Sex in the City: Brits Teach Us a Thing or Two

I don’t know about you, but when I am pondering life long ago, or sort of long ago, I am always thinking that it was boring back then but people were better, more honest, more moral.  Surely all the crazy tacky behavior we read and hear about today is an invention of modern culture.  Well, not so fast.

Trolling in the second hand book store recently, (for books),  I found myself looking at a copy of Clair Tomalin’s acclaimed “Samuel Pepys, the Unequaled Self.” (That’s Pepys as in my “peeps.”)

Some will know that Pepys is perhaps the best known diarist in the world. For about ten years, from 1660-1669, he kept an extremely detailed diary of life in London as he prospered in a variety of positions related to the British Admiralty.  It is through Pepys that we know about the Great Fire of London in 1666 and also about the plague that ravaged the City.

No detail was too big or small for the diary.  He kept it in shorthand to protect the contents and when he was writing about his sexual activity, he also used non-English words as a further ruse to the casual reader.  There are a lot of non-English words in the Diary.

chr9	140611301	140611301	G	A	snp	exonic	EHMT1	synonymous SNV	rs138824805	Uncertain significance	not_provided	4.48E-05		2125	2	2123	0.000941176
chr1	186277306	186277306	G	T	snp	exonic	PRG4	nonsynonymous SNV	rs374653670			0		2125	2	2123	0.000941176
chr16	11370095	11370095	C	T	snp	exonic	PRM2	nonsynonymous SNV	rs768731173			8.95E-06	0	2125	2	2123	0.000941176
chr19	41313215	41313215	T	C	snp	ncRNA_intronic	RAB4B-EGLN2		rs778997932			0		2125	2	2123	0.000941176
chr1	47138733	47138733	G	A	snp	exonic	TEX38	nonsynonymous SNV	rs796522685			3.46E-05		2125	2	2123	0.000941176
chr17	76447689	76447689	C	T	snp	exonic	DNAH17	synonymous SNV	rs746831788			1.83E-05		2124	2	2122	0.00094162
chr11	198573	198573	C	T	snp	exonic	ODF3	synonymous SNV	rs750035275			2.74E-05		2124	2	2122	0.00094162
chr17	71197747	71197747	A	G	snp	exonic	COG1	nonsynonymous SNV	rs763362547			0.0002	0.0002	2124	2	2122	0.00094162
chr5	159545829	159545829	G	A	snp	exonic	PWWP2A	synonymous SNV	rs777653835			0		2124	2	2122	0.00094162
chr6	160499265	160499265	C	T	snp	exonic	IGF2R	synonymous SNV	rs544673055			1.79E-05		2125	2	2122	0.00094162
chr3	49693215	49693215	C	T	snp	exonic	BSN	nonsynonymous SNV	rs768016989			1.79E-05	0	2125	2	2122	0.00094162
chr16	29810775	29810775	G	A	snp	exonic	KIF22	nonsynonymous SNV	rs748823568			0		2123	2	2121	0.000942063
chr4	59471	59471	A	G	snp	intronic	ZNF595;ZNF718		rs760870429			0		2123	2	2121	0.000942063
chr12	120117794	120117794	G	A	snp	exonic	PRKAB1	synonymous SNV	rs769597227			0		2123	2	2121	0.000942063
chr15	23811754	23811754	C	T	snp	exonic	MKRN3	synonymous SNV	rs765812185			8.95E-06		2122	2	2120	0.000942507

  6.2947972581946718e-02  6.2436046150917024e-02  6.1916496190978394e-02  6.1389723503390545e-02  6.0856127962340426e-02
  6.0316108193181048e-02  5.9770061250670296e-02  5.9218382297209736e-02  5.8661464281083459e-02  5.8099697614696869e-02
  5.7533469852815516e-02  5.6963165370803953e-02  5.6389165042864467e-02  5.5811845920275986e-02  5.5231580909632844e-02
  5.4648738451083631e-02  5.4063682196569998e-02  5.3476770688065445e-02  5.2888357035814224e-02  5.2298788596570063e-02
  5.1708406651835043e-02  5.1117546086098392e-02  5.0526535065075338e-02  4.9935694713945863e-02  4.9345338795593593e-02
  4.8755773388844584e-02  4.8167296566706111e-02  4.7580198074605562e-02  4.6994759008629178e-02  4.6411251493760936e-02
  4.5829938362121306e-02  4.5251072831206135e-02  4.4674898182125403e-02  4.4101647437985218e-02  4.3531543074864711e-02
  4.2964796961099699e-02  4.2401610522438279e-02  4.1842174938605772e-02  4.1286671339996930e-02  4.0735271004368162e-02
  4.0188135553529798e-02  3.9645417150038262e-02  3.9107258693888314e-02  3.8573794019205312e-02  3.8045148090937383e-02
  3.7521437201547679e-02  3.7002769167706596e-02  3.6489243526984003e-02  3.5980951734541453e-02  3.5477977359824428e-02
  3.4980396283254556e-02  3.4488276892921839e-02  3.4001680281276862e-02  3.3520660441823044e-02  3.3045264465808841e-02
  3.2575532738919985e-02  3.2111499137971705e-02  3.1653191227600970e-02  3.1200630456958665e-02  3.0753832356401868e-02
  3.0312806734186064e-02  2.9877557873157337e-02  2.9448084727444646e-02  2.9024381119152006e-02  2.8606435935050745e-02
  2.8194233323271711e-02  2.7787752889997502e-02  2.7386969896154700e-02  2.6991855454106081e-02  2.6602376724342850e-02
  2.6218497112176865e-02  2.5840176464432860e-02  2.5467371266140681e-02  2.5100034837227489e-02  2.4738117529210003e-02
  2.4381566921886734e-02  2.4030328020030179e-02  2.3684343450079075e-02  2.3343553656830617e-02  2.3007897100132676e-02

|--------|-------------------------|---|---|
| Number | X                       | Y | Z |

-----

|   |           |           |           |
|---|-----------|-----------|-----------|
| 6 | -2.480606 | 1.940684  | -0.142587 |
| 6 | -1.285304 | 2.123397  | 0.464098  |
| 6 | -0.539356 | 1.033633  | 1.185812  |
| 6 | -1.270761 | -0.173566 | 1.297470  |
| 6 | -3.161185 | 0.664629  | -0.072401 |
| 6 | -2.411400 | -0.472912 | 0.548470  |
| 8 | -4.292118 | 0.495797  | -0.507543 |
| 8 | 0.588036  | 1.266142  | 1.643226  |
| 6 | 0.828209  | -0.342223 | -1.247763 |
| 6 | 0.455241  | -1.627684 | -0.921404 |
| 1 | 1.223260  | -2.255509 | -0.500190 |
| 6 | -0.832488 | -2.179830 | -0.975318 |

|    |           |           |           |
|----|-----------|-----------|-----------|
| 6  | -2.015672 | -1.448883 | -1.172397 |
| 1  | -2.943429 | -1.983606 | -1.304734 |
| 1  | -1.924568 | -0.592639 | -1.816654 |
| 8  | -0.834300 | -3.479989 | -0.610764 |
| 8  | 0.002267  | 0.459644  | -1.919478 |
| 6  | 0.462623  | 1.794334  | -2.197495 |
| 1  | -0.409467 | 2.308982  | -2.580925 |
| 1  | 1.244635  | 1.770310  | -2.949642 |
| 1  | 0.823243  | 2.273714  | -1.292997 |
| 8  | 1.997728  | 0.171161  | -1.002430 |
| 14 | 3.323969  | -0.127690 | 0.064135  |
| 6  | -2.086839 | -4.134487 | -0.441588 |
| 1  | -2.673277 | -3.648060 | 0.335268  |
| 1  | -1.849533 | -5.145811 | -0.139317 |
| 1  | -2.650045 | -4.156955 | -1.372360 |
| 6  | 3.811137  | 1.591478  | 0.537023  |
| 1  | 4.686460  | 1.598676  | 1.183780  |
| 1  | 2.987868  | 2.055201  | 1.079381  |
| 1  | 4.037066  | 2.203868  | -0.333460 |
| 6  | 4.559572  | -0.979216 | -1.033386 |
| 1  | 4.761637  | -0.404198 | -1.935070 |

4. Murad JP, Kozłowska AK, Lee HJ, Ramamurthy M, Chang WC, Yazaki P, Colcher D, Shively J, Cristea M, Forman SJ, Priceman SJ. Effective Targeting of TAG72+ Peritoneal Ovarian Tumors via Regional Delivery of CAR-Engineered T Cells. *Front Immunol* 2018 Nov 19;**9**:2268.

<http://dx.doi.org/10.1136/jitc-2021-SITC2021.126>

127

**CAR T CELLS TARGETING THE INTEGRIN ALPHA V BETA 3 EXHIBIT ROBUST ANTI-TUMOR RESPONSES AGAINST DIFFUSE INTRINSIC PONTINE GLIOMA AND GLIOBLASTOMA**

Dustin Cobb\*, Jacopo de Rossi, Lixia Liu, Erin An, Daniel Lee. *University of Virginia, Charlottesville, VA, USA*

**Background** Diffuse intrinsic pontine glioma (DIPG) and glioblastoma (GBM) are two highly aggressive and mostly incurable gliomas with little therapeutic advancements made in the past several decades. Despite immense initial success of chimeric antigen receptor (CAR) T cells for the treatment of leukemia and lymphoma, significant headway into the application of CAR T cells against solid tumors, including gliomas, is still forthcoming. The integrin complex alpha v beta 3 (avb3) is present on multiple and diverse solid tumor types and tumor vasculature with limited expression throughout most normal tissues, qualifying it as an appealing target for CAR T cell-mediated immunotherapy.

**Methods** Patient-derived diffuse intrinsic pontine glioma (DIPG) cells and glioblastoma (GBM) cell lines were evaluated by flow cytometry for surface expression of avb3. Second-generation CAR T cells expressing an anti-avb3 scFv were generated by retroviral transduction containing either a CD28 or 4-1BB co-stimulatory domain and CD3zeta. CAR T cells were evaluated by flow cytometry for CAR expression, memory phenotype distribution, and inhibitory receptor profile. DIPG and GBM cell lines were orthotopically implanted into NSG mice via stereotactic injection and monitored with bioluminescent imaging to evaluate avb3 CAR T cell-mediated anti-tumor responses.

I frankly had no idea.  The scales, as they say, have fallen from eyes. Pepys, a 17th century man, would fit well and nicely in the 21st, which brings me to the story at hand.

The Daily Telegraph reports that one of Britain’s richest and most successful couples was arrested in late summer in an Orlando, Florida, nightclub bathroom stall that must have been really crowded.  It seems that Mary Gorman, wife of Chris, was engaging in a consensual sexual act with a third party as Chris looked on. (That’s a decent enough bloke for you.)  The trouble began when the police arrived, perhaps to issue a ticket for stall over-crowding, and witnessed the above referenced act, not to mention Ms. Gorman’s cocaine stash.

To add insult to injury, it turns out that the Queen of England conferred the Order of the British Empire on Chris Gorman in 2005 for his good works and we presume, his thoroughly amiable personality.

Apart from the cocaine, did the police over react?  After all, the quest for consensual bathroom sex,  as Larry “wide stance” Craig taught us, is hardly a capitol crime.  And if we are still not sure, we can summon up the spirit of Samuel Pepys to hear a view from the deepest past.

A reading of the Diary suggests that our friend Sam would have thought jolly well of the whole affair.

Who says we can’t learn a thing or two from the Brits (and the past)?

 

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